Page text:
Organic Faith (Luke 13:6-9)

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Comparing an eggbeater with a pot plant might sound like a stupid thing to do. There are a lot of things that are obviously different about them. For example, an eggbeater is a machine. You turn the handle, which moves cogs which, in turn, rotate the beaters. It’s a simple machine, but it still involves a mechanical process which is predictable, controlled and results in a particular outcome.

A pot plant, however, is organic and not mechanical. It is alive which means it is less controllable than a machine and can grow in ways which aren’t always predictable. I can leave my eggbeater in the utensil draw of our kitchen and it will still work when I go looking for it. However, my pot plant requires constant care and nurture if it is going to stay alive, continue to grow and produce flowers, especially in hot and dry weather.
My reason for comparing an eggbeater with a pot plant is to ask whether faith is more like an eggbeater or a pot plant? Is faith more mechanical or organic?

It seems to me that we can at times taken a more mechanical view of faith in the church. We have tried to construct processes in the church which we expect people to move through and assume that they will result in spiritual maturity. When I listen to some church leaders, spiritual growth almost sounds like a production line which begins with baptism, moves through Sunday School or another form of children’s ministry, through to First Communion, Confirmation, and youth group into adult Bible studies or other programs that the church might offer. We can approach the Christian life like an eggbeater with a simple cause and effect relationship, thinking that if we do this event or run that program, then people will come out the end as mature Christians.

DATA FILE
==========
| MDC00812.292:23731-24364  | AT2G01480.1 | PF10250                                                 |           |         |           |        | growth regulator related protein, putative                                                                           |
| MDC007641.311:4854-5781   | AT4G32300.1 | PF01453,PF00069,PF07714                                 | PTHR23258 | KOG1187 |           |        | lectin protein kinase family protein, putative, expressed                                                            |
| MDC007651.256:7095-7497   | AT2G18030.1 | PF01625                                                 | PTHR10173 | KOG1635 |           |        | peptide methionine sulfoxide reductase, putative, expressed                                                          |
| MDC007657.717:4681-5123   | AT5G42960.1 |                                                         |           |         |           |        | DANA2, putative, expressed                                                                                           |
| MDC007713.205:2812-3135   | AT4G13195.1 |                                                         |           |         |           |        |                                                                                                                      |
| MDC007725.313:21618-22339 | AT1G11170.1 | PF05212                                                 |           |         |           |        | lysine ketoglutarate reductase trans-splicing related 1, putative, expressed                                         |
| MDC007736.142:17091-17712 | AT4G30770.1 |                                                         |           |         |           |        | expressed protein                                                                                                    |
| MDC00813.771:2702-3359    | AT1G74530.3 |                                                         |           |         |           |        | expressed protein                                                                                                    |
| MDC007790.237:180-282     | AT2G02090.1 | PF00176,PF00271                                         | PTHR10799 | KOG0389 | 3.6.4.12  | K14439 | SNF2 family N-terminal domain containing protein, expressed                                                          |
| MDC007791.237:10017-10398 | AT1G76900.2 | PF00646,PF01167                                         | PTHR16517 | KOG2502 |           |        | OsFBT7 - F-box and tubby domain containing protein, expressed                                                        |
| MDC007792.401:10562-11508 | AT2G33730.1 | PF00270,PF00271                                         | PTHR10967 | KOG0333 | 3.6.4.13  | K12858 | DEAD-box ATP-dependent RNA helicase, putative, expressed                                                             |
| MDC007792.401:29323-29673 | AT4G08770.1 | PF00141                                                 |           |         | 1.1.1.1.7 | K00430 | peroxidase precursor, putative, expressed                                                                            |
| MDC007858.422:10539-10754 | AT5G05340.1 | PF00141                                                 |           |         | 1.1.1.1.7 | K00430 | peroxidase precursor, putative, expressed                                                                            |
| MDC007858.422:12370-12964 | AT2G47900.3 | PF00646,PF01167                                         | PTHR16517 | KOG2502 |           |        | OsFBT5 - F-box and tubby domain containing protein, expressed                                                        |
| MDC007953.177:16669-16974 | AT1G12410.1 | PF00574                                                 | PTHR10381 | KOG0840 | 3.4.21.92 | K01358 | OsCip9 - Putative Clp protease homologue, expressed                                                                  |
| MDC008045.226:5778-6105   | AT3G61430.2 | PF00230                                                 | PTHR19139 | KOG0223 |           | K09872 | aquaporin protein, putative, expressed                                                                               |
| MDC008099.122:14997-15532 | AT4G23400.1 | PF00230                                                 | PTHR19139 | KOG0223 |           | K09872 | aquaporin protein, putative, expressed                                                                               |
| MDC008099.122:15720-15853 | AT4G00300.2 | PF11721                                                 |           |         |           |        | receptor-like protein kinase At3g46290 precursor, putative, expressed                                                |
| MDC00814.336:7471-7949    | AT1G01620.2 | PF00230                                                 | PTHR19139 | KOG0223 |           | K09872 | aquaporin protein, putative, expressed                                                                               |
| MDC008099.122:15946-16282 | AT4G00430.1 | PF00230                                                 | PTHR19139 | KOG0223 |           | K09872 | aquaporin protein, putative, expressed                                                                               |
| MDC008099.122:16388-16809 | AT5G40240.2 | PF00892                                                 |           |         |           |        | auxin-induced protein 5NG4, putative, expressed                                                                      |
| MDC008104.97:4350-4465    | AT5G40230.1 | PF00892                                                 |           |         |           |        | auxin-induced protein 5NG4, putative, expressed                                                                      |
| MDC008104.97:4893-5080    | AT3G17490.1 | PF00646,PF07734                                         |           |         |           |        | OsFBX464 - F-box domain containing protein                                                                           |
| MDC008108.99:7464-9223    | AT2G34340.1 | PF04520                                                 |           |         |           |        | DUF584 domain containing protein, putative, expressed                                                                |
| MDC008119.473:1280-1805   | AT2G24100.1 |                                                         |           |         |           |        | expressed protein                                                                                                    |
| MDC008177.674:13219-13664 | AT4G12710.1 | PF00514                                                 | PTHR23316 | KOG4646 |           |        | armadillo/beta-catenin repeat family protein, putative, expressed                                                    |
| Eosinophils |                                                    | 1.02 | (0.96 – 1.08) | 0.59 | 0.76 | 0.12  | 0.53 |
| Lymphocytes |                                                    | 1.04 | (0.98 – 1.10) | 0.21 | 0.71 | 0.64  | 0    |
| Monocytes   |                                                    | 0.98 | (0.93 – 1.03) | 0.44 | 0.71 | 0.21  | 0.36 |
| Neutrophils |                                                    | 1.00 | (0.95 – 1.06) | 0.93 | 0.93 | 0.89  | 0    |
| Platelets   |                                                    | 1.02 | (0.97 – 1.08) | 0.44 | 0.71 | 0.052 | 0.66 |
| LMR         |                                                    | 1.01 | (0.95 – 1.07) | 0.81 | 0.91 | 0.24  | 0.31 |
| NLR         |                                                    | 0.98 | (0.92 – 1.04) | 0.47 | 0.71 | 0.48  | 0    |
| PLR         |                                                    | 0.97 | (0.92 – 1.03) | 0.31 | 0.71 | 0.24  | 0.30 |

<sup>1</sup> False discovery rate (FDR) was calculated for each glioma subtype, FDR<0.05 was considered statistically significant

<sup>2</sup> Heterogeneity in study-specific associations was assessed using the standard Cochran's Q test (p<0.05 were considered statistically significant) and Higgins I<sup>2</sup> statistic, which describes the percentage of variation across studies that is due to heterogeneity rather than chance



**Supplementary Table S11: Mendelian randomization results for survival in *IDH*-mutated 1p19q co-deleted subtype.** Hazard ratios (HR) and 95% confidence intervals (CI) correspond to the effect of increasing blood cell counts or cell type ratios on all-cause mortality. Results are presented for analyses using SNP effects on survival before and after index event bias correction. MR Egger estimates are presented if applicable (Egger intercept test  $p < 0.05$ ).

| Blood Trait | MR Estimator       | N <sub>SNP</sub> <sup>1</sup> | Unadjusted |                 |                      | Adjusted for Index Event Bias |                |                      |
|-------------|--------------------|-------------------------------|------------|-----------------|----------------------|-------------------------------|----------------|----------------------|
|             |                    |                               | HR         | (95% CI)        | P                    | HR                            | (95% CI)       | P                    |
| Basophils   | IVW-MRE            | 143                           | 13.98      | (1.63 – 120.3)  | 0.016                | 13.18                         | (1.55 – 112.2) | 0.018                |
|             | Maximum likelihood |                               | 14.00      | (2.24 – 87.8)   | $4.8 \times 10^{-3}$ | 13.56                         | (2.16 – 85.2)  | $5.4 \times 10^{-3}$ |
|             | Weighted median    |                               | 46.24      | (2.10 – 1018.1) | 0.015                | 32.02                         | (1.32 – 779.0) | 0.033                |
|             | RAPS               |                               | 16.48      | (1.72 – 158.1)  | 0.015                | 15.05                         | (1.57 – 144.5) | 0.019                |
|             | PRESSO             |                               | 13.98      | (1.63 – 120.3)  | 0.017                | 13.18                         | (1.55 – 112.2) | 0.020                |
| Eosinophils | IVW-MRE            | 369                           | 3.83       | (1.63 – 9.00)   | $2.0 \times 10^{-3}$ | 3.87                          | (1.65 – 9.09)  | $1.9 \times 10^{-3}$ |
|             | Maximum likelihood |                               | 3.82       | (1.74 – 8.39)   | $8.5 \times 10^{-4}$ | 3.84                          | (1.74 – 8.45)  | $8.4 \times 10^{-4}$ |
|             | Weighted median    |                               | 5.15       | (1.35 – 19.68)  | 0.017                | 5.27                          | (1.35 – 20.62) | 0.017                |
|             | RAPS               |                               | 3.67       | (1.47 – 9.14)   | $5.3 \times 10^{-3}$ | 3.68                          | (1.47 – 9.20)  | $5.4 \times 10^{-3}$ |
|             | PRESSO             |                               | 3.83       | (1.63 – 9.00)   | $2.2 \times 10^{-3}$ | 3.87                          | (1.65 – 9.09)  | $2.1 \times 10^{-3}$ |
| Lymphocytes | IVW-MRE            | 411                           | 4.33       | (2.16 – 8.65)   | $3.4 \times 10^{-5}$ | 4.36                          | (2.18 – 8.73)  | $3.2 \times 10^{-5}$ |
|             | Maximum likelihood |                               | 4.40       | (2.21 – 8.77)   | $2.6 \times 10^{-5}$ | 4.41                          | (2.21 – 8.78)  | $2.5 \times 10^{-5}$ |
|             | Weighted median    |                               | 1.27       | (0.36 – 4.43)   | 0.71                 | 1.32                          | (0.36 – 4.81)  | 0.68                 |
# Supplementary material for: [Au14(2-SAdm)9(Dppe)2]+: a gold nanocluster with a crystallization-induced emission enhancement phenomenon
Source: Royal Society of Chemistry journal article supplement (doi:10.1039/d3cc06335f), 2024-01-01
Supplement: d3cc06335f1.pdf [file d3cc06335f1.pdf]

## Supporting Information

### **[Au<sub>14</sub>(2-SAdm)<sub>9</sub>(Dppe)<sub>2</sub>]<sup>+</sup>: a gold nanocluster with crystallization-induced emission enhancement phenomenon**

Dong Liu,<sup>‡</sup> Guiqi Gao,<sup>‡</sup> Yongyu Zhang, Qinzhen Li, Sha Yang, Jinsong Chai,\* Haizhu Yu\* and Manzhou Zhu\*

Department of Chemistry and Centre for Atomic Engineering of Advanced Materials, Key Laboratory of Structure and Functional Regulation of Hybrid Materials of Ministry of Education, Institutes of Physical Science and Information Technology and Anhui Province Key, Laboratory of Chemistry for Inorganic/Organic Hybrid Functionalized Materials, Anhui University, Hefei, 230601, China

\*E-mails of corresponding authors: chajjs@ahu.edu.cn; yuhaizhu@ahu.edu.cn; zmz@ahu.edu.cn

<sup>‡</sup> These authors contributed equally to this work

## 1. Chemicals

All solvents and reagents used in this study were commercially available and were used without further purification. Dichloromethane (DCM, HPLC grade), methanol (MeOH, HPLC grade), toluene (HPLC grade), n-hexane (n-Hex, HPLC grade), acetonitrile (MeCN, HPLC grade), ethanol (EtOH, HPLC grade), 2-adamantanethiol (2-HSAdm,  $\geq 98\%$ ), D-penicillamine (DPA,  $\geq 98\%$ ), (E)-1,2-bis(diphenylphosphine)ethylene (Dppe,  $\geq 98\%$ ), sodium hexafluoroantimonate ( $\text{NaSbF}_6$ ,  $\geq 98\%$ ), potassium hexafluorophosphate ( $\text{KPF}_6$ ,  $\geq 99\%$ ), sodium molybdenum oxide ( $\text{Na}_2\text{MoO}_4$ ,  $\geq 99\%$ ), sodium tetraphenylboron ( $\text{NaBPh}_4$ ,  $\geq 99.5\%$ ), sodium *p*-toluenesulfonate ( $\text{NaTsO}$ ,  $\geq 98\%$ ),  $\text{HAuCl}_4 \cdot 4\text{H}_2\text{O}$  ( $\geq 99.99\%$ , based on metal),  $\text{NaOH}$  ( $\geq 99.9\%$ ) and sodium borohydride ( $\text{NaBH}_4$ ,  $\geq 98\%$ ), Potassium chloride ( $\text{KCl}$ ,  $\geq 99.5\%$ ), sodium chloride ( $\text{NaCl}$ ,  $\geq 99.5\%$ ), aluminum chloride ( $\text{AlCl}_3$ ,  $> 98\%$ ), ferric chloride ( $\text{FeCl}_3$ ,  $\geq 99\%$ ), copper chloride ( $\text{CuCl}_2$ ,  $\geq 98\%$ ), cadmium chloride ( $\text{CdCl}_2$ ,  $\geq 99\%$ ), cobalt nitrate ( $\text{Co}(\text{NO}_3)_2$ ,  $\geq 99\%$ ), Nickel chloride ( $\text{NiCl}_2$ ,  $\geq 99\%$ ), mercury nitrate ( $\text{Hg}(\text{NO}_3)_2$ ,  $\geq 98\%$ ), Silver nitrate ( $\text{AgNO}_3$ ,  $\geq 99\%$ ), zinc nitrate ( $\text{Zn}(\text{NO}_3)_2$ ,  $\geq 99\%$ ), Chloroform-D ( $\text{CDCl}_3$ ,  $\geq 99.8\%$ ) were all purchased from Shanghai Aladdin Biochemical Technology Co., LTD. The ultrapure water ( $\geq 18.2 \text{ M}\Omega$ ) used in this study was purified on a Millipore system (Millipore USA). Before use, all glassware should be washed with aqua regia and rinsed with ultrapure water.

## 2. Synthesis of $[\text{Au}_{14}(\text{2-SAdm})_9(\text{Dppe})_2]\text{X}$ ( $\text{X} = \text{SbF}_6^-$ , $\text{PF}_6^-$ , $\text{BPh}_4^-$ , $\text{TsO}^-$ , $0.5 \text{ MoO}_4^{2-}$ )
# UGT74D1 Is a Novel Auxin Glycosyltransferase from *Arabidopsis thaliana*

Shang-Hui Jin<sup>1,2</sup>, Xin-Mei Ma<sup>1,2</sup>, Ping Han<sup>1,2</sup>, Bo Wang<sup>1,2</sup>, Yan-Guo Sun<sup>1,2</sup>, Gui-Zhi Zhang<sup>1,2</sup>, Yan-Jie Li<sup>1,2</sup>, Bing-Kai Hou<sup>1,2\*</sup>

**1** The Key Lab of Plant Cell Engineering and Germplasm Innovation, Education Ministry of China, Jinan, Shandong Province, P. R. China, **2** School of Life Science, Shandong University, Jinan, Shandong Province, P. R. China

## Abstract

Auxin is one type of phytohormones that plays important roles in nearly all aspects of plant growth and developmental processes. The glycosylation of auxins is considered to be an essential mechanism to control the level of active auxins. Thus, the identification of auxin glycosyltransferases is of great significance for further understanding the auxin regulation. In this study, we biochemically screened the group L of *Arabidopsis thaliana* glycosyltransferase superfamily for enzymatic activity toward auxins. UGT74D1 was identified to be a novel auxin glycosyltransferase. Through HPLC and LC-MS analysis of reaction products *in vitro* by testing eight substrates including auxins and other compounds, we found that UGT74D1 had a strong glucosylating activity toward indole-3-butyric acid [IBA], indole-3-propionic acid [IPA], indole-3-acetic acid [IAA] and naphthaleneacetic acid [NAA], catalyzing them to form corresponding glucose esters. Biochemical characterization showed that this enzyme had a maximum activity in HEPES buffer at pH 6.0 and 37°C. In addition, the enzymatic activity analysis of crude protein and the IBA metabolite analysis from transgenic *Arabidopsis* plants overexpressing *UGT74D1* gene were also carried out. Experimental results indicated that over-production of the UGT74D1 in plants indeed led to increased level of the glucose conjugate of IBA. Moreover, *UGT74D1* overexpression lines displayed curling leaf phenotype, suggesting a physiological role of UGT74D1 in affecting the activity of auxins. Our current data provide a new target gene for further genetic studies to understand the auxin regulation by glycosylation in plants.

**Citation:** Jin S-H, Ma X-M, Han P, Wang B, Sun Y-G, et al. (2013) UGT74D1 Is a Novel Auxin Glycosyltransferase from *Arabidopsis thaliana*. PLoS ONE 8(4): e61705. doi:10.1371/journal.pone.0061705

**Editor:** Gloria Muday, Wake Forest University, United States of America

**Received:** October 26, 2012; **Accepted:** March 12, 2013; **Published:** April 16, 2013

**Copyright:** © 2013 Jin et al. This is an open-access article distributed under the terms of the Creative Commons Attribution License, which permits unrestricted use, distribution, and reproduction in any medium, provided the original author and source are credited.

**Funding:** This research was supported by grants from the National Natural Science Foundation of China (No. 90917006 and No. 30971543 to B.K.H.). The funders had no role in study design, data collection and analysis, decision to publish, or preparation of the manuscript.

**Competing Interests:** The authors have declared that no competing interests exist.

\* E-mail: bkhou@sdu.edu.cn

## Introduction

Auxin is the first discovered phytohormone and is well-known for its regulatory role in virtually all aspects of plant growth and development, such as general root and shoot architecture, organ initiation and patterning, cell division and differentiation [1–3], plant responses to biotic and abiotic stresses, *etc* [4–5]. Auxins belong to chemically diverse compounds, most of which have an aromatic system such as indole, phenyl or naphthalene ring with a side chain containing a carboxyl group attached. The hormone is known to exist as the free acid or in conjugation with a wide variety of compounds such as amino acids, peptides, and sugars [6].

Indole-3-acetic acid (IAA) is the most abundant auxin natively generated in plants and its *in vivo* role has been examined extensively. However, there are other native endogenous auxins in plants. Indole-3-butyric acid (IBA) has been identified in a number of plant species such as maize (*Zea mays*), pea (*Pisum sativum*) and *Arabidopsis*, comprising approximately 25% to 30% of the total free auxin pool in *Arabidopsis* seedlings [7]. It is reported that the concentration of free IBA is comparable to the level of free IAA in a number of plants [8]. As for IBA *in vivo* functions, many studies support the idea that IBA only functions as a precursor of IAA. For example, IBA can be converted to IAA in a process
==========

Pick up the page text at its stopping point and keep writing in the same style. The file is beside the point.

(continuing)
When I listen to the teachings of Jesus, however, I hear a much more organic approach to faith. Jesus tells lots of stories that use plants, trees and other living organisms to illustrate faith and the Kingdom of God. For example, in Luke 13:6-9, the gospel reading for New Year’s Eve, Jesus talks about a fig tree that wasn’t producing any fruit. Instead of applying a mechanical process to the fig tree, the gardener’s approach is understandably organic as he talks about digging around the tree and fertilizing it. The goal of both the owner of the vineyard and the gardener are the same: they both want the fig tree to produce fruit. The gardener understands that if that is going to happen, then he needs to nurture the tree, care for it and feed it. He does that with no guarantee of success. This isn’t a mechanical process where the production is controlled and the outcome is predetermined. Instead, the gardener takes a chance on the tree by investing time and resources into the tree hoping that it will grow into a strong, mature tree which will produces the fruit they are looking for.